Victor Klemperer’s moving diaries about the Second World War are of huge historic importance. But the volume he valued most is a short and devastating treatise on the linguistics of the Nazi regime, a lingua franca the far right continues to recycle to this day, says Robert Fisk
2nd March 2020
Victor Klemperer was perhaps the most eloquent and academically brilliant survivor of the Holocaust. He was never sent to Auschwitz – although he was only hours away from that fate in February 1945 when the Allied bombing of Dresden allowed him to dispose of his Jewish Star – but as a philosopher, French scholar, professor, linguist and humanist, he wrote by far the most moving diaries of the Second World War.
Scarcely days pass when I do not think of Klemperer. His three volumes of diaries are a testimony to viciousness, cruelty and courage from the heart of darkness, trying (and just succeeding) to survive as a German Jew in Hitler’s Reich. But only now have I been able to obtain a translation of the one volume this fine Jewish intellectual valued most: his own short, devastating treatise on the linguistics of the Nazi regime.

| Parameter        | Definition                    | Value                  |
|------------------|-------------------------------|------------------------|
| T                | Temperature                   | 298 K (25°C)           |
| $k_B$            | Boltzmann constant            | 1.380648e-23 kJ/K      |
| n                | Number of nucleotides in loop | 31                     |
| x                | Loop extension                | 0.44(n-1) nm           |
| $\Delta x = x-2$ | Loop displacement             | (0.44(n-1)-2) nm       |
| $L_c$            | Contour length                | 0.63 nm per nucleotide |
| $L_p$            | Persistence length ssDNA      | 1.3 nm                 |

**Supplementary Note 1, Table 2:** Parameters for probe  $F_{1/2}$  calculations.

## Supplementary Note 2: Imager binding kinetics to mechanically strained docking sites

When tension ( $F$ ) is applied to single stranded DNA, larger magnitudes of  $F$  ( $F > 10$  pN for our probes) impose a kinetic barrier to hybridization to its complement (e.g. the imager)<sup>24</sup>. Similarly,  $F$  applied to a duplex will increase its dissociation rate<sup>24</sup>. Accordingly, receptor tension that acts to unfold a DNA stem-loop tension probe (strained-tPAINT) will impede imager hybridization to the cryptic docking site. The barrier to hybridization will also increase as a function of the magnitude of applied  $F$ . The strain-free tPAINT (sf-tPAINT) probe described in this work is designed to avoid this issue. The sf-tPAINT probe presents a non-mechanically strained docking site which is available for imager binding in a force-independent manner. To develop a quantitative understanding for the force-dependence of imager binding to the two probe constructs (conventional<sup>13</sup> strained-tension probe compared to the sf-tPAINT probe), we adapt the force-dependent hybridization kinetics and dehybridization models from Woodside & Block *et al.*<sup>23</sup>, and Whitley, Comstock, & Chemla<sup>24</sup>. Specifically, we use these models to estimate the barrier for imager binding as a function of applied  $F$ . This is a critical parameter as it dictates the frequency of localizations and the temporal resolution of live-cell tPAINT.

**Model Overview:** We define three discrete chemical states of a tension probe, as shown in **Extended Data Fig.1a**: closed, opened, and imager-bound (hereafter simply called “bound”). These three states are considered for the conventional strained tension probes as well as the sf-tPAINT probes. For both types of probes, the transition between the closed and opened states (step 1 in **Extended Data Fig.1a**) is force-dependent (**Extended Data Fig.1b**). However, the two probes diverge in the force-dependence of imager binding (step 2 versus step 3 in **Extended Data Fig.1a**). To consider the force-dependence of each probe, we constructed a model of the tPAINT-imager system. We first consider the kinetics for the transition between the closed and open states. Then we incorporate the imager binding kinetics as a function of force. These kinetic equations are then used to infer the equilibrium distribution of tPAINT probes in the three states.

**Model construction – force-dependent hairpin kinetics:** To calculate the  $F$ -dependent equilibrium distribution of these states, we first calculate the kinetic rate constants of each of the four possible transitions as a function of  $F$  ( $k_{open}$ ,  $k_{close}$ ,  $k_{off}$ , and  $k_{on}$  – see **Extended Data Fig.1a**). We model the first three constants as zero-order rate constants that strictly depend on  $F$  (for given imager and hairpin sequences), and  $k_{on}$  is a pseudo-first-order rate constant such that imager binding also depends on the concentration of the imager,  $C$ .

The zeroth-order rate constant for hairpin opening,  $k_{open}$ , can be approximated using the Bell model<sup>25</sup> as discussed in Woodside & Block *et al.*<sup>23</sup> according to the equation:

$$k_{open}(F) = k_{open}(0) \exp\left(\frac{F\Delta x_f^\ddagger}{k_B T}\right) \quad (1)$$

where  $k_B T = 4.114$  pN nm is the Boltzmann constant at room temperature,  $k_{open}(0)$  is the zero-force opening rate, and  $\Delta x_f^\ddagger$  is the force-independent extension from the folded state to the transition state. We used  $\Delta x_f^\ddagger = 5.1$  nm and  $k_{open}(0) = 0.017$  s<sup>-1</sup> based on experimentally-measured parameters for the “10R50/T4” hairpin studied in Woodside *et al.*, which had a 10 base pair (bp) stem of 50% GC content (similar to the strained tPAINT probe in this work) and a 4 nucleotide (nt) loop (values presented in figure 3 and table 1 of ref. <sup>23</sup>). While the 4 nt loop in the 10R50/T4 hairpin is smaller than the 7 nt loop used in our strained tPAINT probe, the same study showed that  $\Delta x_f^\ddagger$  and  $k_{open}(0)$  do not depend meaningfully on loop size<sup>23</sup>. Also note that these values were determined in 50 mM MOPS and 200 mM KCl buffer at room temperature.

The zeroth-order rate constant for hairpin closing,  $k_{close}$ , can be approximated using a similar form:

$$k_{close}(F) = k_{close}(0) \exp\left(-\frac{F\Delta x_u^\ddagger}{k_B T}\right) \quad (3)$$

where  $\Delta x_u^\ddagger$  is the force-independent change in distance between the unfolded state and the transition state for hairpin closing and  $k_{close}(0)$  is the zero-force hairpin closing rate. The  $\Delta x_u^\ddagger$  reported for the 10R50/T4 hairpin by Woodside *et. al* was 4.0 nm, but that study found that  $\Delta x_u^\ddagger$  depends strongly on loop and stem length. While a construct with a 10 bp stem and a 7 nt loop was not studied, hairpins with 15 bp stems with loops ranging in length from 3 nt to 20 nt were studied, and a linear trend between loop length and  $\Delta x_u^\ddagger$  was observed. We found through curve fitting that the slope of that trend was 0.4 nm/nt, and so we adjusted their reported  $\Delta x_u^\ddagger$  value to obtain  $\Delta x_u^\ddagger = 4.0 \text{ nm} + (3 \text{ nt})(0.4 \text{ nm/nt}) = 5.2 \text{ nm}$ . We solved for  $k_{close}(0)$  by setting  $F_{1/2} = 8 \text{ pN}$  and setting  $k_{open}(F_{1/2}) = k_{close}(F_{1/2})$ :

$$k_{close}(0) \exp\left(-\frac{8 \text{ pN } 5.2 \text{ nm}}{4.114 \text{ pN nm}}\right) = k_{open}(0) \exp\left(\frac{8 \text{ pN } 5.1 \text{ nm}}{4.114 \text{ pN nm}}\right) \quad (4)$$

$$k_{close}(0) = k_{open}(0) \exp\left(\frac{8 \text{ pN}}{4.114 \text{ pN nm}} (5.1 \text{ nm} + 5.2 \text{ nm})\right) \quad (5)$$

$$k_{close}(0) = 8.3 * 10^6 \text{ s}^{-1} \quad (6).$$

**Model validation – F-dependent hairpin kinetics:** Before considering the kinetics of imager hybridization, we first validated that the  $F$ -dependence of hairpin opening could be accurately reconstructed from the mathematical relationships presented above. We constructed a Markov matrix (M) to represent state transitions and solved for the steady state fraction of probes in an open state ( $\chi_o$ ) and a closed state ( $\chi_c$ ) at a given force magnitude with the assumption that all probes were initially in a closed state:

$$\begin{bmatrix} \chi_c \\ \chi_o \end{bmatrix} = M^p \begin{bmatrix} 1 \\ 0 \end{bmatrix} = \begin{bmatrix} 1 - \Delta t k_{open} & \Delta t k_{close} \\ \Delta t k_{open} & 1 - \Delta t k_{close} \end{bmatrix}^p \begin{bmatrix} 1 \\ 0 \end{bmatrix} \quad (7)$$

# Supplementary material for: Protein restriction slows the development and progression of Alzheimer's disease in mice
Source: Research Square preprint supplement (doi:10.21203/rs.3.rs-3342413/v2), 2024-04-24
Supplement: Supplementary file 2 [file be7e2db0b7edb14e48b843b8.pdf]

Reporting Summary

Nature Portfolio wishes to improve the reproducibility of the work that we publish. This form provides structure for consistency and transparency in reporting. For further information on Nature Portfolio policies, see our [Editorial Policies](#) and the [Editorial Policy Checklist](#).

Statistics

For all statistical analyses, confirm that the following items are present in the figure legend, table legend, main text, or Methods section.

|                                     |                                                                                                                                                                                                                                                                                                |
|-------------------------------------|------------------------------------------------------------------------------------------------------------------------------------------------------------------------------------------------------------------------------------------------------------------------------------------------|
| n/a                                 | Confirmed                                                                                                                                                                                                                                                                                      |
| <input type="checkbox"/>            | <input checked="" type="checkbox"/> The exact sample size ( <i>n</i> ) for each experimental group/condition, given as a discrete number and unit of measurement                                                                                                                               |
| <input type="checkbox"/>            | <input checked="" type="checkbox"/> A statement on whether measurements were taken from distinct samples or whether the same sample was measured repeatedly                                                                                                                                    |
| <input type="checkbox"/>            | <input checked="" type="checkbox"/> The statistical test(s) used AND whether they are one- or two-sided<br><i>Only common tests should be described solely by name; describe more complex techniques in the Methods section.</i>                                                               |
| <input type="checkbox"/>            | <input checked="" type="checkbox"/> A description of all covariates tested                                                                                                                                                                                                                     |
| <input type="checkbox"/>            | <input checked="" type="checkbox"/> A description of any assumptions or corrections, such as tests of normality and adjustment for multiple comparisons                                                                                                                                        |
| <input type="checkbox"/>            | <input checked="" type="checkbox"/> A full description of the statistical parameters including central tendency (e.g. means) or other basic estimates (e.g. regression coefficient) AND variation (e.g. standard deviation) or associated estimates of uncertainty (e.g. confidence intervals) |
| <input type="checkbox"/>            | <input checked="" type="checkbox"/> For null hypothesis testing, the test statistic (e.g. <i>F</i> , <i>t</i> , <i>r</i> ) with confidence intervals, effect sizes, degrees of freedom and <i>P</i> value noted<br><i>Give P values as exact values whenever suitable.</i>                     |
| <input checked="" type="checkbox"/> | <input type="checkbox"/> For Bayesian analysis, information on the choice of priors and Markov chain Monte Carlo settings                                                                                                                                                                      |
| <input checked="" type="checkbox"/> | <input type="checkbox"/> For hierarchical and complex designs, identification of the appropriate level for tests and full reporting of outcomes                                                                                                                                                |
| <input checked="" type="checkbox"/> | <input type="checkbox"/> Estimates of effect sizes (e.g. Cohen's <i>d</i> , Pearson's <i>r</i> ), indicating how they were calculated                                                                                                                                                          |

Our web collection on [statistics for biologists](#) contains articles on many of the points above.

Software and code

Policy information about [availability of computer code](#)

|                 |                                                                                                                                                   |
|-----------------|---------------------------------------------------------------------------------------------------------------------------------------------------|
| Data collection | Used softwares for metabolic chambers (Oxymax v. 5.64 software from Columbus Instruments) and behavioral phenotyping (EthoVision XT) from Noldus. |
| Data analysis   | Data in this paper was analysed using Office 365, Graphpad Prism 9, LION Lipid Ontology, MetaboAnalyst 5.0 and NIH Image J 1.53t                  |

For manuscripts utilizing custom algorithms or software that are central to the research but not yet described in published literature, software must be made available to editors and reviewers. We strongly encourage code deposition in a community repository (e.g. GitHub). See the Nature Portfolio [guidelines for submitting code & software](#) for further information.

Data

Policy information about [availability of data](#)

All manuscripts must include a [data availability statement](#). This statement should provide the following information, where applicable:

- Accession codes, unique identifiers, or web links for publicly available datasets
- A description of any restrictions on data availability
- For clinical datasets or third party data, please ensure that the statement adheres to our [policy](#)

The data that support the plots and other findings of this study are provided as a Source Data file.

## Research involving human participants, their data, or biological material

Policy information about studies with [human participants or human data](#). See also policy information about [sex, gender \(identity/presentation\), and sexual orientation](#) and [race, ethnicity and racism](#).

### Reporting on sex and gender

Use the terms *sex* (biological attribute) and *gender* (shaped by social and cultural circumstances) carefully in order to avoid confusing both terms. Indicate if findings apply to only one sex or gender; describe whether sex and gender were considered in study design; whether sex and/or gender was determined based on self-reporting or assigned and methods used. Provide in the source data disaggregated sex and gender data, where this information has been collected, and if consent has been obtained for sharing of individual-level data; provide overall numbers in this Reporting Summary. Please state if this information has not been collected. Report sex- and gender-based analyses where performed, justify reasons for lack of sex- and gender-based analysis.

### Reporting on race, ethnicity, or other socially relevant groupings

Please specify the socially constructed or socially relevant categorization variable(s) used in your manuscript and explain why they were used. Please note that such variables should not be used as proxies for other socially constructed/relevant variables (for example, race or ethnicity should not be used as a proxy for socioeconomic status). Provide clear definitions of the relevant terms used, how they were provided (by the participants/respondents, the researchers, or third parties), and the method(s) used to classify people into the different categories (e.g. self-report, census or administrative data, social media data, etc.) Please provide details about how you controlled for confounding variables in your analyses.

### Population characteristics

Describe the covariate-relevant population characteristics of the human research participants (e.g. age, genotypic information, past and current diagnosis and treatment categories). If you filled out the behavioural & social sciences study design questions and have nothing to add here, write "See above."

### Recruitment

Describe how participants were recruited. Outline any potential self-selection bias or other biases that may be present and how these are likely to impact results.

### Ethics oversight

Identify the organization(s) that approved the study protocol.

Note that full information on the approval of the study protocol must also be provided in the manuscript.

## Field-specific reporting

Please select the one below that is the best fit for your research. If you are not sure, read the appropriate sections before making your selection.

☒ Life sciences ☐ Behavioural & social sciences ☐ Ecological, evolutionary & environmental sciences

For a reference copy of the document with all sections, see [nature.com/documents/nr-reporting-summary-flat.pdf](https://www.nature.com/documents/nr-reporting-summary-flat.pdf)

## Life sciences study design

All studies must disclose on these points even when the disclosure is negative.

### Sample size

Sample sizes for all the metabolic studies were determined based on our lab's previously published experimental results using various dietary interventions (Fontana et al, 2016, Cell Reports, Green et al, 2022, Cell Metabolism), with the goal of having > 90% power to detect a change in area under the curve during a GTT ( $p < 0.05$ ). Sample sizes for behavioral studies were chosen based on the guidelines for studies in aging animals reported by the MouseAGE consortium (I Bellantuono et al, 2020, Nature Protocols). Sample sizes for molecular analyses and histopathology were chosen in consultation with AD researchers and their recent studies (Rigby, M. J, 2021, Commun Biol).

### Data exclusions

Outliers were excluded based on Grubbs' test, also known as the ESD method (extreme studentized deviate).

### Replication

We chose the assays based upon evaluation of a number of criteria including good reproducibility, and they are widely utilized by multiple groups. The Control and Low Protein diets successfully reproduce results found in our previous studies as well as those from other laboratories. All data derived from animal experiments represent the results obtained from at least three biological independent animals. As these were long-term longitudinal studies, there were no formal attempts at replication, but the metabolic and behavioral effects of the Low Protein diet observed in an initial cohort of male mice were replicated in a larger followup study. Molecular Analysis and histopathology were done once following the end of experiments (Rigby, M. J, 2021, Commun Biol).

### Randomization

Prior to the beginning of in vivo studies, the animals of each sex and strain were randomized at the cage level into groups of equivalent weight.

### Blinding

He called it LTI – short for his Latin title, Lingua Tertii Imperii, The Language of the Third Reich – and it hangs like a cloak over us today, in the shadow of the new right, of east European nationalism, of racism and I suppose, of Trumpism too. And of the crisis of dictatorship in the Middle East. It shows how language can be used as a prison rather than a means to liberty, how it can wrap us in chains when we always thought it offered a path to freedom. “Nazism,” he wrote, “permeated the flesh and blood of the people through single words, idioms and sentence structures imposed on them in a million repetitions and taken on board mechanically and unconsciously.”